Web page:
You could take all of the pearls, sapphires, coral, onyx, gold, and silver on the earth and not have enough money to purchase wisdom.

Not even the character of Death has a hold of wisdom.

But God understands the way to it. And God knows its place for God looks to the end of the earth and sees everything under the heavens.

I don’t know if this answer is comforting for you—that we can never have the wisdom of God, to see why things happen as they do, to know the exact right thing to do in any given situation, because we are not God. Because we do not have the same view that God does.

Like the writers of Kings, we want to know that there is someone we can turn to who will know what to do, who will have all of the answers. We find our Solomons in many different places.

This larger narrative is a good reminder to us when we think that one person is going to save us. Whether that’s Barack Obama, Ronald Reagan, or Coach Pete, the limits of human wisdom let us down time and again.

The story of Solomon is a cautionary tale for us. Where shall wisdom be found? And where is the place of understanding?

Without giving away all of the story you’ll be reading in Kings, I can say that all of Solomon’s many blessings seem to complicate his life. He may have had great wisdom, but he didn’t have the view that God does. Building the first temple in Jerusalem may have seemed a wise decision, but was the conscription of tens of thousands of laborers worth it? And 700 wives? Really?

The author of Job leaves us with an interesting line. After telling us that wisdom is not to be found by humans, he tells us where wisdom can be found: “Truly, the fear of the Lord is wisdom. To depart from evil is understanding.”

Fear of the Lord.

A number of you have questioned me about what it means to “fear the Lord” as the phrase has shown up in our readings this year. You don’t fear the Lord in the same way you fear tigers, terrorists, and snakes. CS Lewis, in the Problem of Pain describes “Fear of the Lord” as being filled with awe, feeling wonder or a sense of inadequacy when you consider your relationship with God. It is, above all, grounded in love. It is not a fear that leads to despair but a fear that leads to humility. Fear of the Lord is understanding that only God can see the bigger picture. Fear of the Lord requires trusting that we are safely in God’s hands, no matter in what situation we may find ourselves.

So, what are we to do with these two texts that don’t seem to agree about wisdom?

The book by former General Assembly Moderator Jack Rogers that we are using in our Adult Ed class right now (“Jesus, The Bible, and Homosexuality”) gives us some guidelines for interpreting Scripture. While I appreciate all of the guidelines presented, one really seems to fit the dilemma we’re in with wisdom.

Guideline 1: Recognize that Jesus Christ, the Redeemer, is the center of Scripture. The redemptive activity of God is central to the entire Scripture. The Old Testament themes of covenant and the messiah testify to this activity. In the center of the New Testament is Jesus Christ—the Word made flesh, the fulfillment of Israel’s messianic hope, and the promise of the Kingdom. It is to Christ that the church witnesses. When interpreting Scripture, keeping Christ in the center aids in evaluating the significance of the problems and controversies that always persist in the vigorous, historical life of the church.”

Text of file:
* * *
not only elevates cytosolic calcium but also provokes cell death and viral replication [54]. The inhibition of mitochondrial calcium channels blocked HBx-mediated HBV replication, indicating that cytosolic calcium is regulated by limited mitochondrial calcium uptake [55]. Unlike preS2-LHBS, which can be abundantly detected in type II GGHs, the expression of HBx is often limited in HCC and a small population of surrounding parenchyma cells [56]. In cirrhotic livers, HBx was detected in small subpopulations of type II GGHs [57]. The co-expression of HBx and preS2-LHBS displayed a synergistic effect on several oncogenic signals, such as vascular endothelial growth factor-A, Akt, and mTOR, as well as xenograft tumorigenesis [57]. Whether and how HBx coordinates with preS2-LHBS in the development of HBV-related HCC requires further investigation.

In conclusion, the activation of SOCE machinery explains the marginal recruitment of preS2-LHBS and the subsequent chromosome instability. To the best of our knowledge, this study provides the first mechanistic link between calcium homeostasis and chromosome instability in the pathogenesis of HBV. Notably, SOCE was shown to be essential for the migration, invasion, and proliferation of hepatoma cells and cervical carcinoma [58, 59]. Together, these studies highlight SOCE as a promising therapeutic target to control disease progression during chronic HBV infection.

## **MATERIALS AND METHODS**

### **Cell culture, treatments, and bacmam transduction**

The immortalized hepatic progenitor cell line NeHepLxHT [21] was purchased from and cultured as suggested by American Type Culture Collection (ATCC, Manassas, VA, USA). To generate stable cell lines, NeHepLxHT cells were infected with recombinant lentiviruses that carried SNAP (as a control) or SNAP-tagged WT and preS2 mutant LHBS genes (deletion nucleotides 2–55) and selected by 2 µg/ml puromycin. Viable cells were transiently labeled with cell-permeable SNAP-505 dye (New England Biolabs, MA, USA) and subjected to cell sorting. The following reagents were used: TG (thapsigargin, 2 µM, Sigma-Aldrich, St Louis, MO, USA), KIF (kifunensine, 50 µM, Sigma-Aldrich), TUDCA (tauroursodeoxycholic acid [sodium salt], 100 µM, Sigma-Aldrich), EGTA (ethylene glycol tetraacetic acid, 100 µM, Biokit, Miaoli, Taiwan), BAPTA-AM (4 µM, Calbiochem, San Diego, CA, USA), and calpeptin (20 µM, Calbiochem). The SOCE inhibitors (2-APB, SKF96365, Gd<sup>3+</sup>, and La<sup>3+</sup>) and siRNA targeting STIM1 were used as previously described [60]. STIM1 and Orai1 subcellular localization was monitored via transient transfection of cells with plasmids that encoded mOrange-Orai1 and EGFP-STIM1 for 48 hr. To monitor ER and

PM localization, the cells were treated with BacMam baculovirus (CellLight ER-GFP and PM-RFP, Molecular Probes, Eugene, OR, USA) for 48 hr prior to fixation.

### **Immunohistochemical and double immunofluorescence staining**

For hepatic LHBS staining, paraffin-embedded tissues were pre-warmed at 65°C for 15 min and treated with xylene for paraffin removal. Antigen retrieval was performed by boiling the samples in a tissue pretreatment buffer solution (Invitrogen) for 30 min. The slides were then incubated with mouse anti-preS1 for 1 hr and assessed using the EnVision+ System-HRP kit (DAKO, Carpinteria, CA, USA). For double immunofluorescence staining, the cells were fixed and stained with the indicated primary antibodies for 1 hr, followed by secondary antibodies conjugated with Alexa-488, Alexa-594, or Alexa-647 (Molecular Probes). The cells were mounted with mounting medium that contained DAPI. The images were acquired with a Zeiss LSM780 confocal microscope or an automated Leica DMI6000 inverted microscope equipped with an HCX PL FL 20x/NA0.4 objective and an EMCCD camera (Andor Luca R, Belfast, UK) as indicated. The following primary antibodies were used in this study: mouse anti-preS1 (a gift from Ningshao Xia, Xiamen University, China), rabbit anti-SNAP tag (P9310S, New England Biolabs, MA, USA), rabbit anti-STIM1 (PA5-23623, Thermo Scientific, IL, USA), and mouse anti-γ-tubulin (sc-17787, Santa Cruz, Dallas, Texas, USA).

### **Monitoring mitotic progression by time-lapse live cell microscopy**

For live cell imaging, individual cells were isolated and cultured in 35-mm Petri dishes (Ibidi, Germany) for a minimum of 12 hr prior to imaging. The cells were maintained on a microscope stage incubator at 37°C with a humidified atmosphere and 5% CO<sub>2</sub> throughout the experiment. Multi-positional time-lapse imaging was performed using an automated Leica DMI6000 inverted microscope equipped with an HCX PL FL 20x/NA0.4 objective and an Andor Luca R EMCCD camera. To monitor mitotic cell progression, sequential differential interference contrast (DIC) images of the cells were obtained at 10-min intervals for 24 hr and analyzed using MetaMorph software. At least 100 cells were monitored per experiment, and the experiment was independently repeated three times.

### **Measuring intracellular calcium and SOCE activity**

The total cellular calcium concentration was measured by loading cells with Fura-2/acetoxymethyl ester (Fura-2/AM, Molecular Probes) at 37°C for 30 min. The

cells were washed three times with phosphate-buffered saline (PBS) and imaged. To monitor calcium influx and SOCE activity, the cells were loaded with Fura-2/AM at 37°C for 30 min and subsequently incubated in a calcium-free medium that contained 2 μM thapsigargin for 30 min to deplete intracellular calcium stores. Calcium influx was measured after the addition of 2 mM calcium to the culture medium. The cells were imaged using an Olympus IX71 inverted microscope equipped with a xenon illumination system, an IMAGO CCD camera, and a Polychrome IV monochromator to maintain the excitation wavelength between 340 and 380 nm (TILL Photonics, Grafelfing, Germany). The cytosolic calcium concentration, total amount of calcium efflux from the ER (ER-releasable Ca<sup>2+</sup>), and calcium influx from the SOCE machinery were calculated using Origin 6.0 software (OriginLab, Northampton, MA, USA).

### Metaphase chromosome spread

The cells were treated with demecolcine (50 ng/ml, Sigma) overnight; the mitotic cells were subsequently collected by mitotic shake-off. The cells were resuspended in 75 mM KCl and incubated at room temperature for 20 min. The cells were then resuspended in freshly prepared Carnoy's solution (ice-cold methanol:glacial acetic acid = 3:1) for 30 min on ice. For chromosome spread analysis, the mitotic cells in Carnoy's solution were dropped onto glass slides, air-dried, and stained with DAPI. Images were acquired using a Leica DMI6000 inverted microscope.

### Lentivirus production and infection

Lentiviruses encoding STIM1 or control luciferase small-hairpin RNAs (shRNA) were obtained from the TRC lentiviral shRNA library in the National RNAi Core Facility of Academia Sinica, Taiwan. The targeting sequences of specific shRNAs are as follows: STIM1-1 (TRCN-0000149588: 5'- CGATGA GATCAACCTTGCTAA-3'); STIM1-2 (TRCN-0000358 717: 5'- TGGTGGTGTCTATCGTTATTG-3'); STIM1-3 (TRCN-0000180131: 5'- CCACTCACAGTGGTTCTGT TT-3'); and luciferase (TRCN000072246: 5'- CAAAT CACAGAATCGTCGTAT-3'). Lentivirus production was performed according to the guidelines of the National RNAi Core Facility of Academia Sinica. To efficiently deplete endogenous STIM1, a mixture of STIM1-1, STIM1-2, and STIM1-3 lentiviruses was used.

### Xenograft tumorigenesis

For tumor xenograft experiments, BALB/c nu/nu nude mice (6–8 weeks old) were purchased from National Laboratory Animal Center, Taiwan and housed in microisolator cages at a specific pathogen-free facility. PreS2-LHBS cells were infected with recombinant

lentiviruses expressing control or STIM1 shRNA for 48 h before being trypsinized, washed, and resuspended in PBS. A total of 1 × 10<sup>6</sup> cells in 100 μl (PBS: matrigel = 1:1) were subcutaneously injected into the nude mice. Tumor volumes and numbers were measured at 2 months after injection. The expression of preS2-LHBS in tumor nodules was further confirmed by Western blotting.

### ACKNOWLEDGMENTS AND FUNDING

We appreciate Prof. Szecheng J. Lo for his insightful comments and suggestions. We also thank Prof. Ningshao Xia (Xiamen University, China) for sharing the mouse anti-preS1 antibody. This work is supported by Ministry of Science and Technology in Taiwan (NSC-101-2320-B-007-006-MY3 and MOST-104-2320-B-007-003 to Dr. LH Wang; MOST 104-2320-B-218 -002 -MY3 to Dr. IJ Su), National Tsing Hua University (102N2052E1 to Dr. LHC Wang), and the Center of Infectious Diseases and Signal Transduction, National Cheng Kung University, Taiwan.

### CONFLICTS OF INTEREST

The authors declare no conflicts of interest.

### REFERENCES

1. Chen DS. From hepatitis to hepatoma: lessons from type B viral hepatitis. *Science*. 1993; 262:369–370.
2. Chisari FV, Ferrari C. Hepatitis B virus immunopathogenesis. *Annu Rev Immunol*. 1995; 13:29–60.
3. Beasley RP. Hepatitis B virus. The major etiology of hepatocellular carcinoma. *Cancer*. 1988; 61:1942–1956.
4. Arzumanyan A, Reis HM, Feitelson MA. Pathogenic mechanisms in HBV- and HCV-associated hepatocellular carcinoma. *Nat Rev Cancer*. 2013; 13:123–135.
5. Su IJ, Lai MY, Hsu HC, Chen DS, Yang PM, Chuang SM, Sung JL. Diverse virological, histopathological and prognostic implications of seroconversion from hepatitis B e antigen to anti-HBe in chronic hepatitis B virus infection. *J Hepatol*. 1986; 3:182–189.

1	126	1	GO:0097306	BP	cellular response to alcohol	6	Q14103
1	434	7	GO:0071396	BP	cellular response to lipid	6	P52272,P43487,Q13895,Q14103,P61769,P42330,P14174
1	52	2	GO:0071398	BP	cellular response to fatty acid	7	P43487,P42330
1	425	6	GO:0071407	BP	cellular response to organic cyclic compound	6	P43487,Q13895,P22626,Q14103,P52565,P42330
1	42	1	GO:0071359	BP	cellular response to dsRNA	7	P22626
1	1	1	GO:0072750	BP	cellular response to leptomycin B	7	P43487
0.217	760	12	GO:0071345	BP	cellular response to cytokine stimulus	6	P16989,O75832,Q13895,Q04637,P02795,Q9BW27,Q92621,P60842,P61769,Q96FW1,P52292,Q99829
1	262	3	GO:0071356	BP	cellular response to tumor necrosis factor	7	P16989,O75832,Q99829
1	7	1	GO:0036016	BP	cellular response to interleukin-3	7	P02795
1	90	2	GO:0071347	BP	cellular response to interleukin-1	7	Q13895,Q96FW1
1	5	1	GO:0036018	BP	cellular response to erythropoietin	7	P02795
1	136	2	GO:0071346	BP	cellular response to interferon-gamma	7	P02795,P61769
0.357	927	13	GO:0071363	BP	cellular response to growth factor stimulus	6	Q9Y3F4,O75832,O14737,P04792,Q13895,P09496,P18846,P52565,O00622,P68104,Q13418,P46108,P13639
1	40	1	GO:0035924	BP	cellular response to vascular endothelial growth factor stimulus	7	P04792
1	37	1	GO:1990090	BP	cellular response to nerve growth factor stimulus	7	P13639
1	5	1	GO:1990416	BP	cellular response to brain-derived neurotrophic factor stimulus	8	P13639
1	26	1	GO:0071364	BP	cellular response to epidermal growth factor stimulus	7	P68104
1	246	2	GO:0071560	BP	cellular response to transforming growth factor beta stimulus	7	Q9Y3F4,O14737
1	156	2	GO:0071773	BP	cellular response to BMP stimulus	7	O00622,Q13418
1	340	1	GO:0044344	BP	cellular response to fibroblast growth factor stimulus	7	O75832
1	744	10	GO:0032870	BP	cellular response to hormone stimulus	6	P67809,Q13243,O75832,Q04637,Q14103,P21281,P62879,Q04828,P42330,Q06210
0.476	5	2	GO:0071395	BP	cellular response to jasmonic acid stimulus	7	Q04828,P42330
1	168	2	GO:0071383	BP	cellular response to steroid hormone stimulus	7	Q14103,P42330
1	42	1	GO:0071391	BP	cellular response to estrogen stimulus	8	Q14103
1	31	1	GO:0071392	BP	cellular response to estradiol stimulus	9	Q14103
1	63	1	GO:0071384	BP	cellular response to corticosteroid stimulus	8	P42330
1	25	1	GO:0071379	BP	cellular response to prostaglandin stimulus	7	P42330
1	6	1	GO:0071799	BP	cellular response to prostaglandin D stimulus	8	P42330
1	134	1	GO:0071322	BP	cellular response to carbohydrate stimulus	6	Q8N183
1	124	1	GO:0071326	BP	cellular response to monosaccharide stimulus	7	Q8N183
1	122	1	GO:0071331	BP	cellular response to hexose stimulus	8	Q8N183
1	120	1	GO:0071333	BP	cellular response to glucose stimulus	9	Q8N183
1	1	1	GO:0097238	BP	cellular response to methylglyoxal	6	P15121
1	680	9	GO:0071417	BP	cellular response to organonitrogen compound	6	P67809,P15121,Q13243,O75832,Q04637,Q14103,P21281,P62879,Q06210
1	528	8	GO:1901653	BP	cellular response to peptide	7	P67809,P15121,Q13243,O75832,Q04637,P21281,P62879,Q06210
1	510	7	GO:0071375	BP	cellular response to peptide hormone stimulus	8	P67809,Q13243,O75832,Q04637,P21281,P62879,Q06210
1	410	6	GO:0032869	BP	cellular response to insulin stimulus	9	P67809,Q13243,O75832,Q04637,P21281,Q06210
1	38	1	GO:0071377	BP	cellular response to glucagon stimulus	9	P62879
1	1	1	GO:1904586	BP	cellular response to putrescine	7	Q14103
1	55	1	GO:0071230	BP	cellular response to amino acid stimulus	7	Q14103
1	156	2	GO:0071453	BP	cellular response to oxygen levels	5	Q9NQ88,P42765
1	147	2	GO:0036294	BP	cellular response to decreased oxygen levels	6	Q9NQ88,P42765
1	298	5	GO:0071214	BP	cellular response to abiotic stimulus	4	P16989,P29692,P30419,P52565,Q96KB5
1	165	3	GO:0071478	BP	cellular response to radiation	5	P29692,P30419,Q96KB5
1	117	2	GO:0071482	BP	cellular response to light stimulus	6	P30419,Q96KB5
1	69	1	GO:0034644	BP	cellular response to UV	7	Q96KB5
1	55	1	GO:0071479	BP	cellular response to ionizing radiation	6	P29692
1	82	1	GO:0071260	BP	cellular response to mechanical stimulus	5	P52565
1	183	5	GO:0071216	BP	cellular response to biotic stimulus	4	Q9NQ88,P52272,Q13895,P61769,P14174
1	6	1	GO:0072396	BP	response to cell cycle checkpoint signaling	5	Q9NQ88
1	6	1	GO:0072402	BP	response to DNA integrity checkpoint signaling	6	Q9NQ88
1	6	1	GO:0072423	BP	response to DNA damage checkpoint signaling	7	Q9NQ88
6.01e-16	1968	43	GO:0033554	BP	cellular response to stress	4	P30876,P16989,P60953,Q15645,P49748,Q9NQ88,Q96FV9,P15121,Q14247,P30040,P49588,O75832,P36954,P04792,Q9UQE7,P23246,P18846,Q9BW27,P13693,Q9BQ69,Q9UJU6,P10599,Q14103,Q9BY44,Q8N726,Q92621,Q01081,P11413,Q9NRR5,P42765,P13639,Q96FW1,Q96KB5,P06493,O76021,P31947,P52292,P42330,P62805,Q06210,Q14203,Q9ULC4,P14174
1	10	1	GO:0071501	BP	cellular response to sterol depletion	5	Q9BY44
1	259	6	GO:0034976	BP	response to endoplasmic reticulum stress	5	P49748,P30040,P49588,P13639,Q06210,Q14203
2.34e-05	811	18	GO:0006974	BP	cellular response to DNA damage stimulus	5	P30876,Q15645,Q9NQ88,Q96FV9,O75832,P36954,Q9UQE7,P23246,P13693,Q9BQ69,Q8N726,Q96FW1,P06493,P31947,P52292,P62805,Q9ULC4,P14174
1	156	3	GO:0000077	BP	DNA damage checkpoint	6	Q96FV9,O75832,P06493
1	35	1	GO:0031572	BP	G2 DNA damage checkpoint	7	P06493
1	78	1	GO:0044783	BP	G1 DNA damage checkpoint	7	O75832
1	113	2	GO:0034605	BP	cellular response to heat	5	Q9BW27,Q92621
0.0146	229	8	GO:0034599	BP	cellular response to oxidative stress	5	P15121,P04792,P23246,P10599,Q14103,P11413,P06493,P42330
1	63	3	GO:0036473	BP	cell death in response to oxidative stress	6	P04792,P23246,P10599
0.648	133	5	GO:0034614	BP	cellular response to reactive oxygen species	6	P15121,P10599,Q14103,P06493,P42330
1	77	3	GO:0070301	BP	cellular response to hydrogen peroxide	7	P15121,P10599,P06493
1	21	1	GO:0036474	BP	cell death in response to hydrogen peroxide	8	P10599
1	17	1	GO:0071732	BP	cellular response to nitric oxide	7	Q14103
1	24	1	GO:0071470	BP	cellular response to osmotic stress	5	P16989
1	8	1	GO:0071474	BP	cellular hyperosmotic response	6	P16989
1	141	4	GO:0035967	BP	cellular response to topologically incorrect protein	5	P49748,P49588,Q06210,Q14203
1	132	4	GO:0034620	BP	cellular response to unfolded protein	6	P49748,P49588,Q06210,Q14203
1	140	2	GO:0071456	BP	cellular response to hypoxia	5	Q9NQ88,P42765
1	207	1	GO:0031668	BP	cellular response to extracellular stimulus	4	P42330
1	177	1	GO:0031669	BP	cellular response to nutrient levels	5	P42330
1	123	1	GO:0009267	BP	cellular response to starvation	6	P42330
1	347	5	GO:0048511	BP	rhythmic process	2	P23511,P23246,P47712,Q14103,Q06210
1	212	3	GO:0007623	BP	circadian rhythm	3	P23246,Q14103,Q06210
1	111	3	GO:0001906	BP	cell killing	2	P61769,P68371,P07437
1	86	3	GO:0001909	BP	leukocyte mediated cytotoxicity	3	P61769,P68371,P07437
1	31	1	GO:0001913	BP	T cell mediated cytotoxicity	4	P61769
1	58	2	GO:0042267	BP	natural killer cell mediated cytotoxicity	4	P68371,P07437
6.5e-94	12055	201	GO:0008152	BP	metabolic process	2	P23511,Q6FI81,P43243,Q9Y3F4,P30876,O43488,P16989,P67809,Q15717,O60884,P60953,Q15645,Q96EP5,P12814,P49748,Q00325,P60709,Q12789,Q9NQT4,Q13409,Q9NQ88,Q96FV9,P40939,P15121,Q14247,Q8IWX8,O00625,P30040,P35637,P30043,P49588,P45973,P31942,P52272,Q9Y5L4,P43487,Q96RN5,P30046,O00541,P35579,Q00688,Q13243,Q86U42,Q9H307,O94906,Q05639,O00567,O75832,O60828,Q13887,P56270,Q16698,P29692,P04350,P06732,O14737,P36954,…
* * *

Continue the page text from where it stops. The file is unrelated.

This does not mean that the writers of the Old Testament knew about Jesus. They aren’t fortune tellers predicting a future they can’t possibly imagine. But it does mean that as Christians, we can’t help but see the Old Testament in light of Jesus.

And when we think of God’s wisdom, it is likely not to Solomon that we would look back. It is to Jesus. Jesus is the only person that I know of in history who was able to see things from God’s view point. If you think of what he taught his disciples, his wisdom was not your standard human variety—it actually was often in opposition to human wisdom. Listen to his advice from Matthew 5:

‘You have heard that it was said, “An eye for an eye and a tooth for a tooth.” But I say to you, Do not resist an evildoer. But if anyone strikes you on the right cheek, turn the other also; and if anyone wants to sue you and take your coat, give your cloak as well; and if anyone forces you to go one mile, go also the second mile.”

He took the Levitical command of an eye for an eye, which was a reminder of justice—if someone has taken something from you, the only thing you can demand in return is that same item. So, if I steal a pair of your shoes, it doesn’t allow you to take my car in return.

He took this command and turned it on its head.

If anyone strikes you on the right cheek, the Levitical way to solve the problem would be to hit them on their right cheek. And violence, we know, tends to escalate. So Jesus command to not hit back, but to offer the other side of your face runs counter to the wisdom of the world.

So, as you read about Wisdom as it threads its way through our Year of the Bible, I invite you to consider that our best example of God’s wisdom on earth is the person of Jesus Christ. May his example guide us in the way we should go.

‘Where then does wisdom come from?
And where is the place of understanding?

‘God understands the way to it,
and he knows its place.
24For he looks to the ends of the earth,
and sees everything under the heavens.
25When he gave to the wind its weight,
and apportioned out the waters by measure;
26when he made a decree for the rain,
and a way for the thunderbolt;
27then he saw it and declared it;
he established it, and searched it out.
28And he said to humankind,
“Truly, the fear of the Lord, that is wisdom;
and to depart from evil is understanding.”